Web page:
Alternative splicing candidates were validated using RT-PCR primers that spanned the alternative transcriptional area, using one PCR primer set to span both alternative isoforms to yield two product sizes. Alternative transcription site candidates were validated using an identical reverse primer and separate forward primers. RpS15 (a ribosomal protein gene) RT-PCR was used as a loading control with primers designed over a constitutive intron boundary to rule out the presence of genomic DNA. PCR primers used are shown in S1 Table.

Gene Ontology analysis

The Database for Annotation, Visualization and Integrated Discovery (DAVID) v6.7 was used for gene ontology analysis online. The pie chart (in Fig 2) represents the genes in only the most overrepresented ontology categories.

Supporting Information

S1 Fig. A comparison of sequence reads from the heph2 and heph03429 mutants and primer sequences are provided.

doi:10.1371/journal.pone.0150768.s001

(PDF)

S1 Table. Analysis of sequence reads between control and heph2.

doi:10.1371/journal.pone.0150768.s002

(XLSX)

Acknowledgments

We sincerely thank Jim Huntley from the Biofrontiers Institute for help with high throughput sequencing and Dr. Kent Riemondy for help with depositing the sequencing dataset. The GEO accession number for the sequencing dataset is GSE77706.

Author Contributions

Conceived and designed the experiments: VS JH RS. Performed the experiments: VS JH. Analyzed the data: VS JH RS. Contributed reagents/materials/analysis tools: MDR. Wrote the paper: VS JH MDR RS.

References

  1. 1. Clerte C, Hall KB. Characterization of multimeric complexes formed by the human PTB1 protein on RNA. RNA. 2006;12(3):457–75. pmid:16431980.
  2. 2. Lin CH, Patton JG. Regulation of alternative 3' splice site selection by constitutive splicing factors. RNA. 1995;1(3):234–45. pmid:7489496
  3. 3. Perez I, Lin CH, McAfee JG, Patton JG. Mutation of PTB binding sites causes misregulation of alternative 3' splice site selection in vivo. RNA. 1997;3(7):764–78. pmid:9214659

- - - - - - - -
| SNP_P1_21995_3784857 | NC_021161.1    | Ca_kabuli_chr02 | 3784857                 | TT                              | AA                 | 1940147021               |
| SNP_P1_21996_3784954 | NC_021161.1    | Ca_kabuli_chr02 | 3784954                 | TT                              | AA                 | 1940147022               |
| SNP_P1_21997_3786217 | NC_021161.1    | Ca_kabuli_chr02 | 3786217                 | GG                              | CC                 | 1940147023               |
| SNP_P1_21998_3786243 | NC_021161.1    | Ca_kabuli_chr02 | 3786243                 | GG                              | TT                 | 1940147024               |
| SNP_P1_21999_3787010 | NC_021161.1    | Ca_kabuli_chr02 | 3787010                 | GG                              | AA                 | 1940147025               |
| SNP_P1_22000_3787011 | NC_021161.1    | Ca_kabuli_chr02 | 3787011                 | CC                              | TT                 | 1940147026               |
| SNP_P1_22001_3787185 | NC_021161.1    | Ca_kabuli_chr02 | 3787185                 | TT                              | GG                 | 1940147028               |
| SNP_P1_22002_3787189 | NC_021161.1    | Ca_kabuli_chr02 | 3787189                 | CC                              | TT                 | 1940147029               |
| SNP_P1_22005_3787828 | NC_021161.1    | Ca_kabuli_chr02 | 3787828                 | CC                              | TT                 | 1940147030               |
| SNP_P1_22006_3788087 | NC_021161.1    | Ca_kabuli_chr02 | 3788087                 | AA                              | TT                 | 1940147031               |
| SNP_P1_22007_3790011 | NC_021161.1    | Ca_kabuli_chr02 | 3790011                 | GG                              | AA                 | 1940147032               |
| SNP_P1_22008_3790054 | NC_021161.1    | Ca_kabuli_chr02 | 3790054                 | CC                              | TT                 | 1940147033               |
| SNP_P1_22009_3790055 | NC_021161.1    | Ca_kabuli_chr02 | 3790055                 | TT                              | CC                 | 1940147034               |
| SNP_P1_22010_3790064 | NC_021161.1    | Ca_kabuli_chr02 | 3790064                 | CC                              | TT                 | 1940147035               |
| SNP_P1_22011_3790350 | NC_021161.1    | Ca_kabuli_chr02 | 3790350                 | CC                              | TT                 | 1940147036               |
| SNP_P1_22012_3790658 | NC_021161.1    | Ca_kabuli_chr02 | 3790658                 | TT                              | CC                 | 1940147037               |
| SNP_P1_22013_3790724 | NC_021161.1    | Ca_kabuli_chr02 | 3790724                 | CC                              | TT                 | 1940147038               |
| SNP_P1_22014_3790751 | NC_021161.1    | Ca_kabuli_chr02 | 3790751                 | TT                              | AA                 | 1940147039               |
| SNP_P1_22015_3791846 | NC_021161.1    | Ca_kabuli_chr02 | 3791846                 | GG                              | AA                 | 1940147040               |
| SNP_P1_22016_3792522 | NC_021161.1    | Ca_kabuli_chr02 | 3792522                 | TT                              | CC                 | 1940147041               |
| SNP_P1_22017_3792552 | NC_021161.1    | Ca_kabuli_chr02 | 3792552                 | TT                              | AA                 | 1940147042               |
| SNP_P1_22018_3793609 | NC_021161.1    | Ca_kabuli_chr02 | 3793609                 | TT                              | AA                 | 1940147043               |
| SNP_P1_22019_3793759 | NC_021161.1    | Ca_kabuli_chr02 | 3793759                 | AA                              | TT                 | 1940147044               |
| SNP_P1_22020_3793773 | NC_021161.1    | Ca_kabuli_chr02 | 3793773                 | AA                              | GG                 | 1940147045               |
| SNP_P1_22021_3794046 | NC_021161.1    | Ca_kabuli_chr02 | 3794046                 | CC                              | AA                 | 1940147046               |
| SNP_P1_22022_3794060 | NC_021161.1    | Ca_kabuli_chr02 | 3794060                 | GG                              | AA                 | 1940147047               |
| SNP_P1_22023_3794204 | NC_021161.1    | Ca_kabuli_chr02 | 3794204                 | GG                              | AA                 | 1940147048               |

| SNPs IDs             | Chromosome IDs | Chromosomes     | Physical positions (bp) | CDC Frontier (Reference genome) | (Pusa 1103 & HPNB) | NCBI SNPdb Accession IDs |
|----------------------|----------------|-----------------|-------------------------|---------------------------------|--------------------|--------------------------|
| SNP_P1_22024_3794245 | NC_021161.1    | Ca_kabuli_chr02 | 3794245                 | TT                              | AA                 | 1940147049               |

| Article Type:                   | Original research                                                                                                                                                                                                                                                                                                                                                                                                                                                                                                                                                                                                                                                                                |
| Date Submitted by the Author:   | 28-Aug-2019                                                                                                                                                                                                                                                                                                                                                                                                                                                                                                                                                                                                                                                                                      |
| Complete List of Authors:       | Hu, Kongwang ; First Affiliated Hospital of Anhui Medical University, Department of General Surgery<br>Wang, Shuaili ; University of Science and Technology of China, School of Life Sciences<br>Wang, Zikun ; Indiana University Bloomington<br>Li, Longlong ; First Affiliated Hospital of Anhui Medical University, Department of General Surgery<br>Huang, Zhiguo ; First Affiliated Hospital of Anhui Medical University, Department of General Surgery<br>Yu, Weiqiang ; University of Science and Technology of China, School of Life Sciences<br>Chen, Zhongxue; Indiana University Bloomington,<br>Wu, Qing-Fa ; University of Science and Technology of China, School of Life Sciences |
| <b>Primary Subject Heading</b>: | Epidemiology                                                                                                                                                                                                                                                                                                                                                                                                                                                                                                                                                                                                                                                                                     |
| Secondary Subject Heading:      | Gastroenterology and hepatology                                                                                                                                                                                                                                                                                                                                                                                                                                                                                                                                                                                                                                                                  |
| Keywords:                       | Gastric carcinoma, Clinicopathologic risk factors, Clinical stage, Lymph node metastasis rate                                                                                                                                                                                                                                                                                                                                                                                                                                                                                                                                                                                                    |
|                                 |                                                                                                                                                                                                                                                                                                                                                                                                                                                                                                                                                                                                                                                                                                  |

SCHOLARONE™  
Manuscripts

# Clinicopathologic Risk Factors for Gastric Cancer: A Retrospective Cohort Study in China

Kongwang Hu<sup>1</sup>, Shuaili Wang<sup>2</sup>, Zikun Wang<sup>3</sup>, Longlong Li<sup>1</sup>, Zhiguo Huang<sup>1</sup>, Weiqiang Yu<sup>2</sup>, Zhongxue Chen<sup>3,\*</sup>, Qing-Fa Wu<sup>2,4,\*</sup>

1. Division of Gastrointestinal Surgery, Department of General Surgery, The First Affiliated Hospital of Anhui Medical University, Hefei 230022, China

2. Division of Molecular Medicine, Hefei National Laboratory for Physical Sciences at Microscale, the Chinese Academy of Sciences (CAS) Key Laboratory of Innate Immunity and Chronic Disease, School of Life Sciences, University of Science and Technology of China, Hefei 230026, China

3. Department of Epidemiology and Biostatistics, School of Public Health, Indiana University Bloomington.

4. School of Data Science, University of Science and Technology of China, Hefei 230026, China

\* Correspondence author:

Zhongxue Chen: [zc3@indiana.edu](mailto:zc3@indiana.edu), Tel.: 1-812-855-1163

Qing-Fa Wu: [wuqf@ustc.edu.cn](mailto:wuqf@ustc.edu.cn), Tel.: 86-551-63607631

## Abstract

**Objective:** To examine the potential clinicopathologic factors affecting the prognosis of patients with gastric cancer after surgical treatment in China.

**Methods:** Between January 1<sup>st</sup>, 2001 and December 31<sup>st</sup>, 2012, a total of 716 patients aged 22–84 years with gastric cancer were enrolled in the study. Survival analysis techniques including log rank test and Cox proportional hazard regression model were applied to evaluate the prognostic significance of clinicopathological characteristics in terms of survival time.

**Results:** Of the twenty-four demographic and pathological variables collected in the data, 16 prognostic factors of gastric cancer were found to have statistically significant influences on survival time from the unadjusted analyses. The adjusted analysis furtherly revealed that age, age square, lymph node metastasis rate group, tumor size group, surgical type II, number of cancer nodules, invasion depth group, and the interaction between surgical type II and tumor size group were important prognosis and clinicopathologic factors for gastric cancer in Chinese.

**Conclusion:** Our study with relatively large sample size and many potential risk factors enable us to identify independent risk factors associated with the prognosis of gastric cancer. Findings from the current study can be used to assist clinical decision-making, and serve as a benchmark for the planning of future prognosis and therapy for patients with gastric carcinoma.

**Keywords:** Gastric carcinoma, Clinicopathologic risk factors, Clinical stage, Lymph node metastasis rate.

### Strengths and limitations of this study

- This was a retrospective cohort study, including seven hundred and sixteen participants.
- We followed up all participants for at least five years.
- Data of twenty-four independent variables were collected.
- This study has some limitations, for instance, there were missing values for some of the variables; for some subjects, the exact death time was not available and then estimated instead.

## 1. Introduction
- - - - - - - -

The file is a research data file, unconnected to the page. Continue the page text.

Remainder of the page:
4. 4. Robida M, Sridharan V, Morgan S, Rao T, Singh R. Drosophila polypyrimidine tract-binding protein is necessary for spermatid individualization. Proc Natl Acad Sci U S A. 2010; doi: 10.1073/pnas.1007935107 pmid:20616016.
  5. 5. Singh R, Valcarcel J, Green MR. Distinct binding specificities and functions of higher eukaryotic polypyrimidine tract-binding proteins. Science. 1995;268(5214):1173–6. pmid:7761834
  6. 6. Kafasla P, Mickleburgh I, Llorian M, Coelho M, Gooding C, Cherny D, et al. Defining the roles and interactions of PTB. Biochemical Society transactions. 2012;40(4):815–20. pmid:22817740. doi: 10.1042/BST20120044.
  7. 7. Sawicka K, Bushell M, Spriggs KA, Willis AE. Polypyrimidine-tract-binding protein: a multifunctional RNA-binding protein. Biochemical Society transactions. 2008;36(Pt 4):641–7. pmid:18631133. doi: 10.1042/BST0360641.
  8. 8. Valcarcel J, Gebauer F. Post-transcriptional regulation: the dawn of PTB. Curr Biol. 1997;7(11):R705–R8. pmid:9382788
  9. 9. Wagner EJ, Garcia-Blanco MA. Polypyrimidine tract binding protein antagonizes exon definition. Mol Cell Biol. 2001;21(10):3281–8. pmid:11313454.
  10. 10. Coutinho-Mansfield GC, Xue Y, Zhang Y, Fu XD. PTB/nPTB switch: a post-transcriptional mechanism for programming neuronal differentiation. Genes & development. 2007;21(13):1573–7. pmid:17606635.
  11. 11. Dansereau DA, Lunke MD, Finkielsztein A, Russell MA, Brook WJ. Hephaestus encodes a polypyrimidine tract binding protein that regulates Notch signalling during wing development in Drosophila melanogaster. Development. 2002;129(24):5553–66. pmid:12421697.
  12. 12. Davis MB, Sun W, Standiford DM. Lineage-specific expression of polypyrimidine tract binding protein (PTB) in Drosophila embryos. Mech Dev. 2002;111(1–2):143–7. pmid:11804786.
  13. 13. Robida MD, Singh R. Drosophila polypyrimidine-tract binding protein (PTB) functions specifically in the male germline. EMBO J. 2003;22(12):2924–33. pmid:12805208.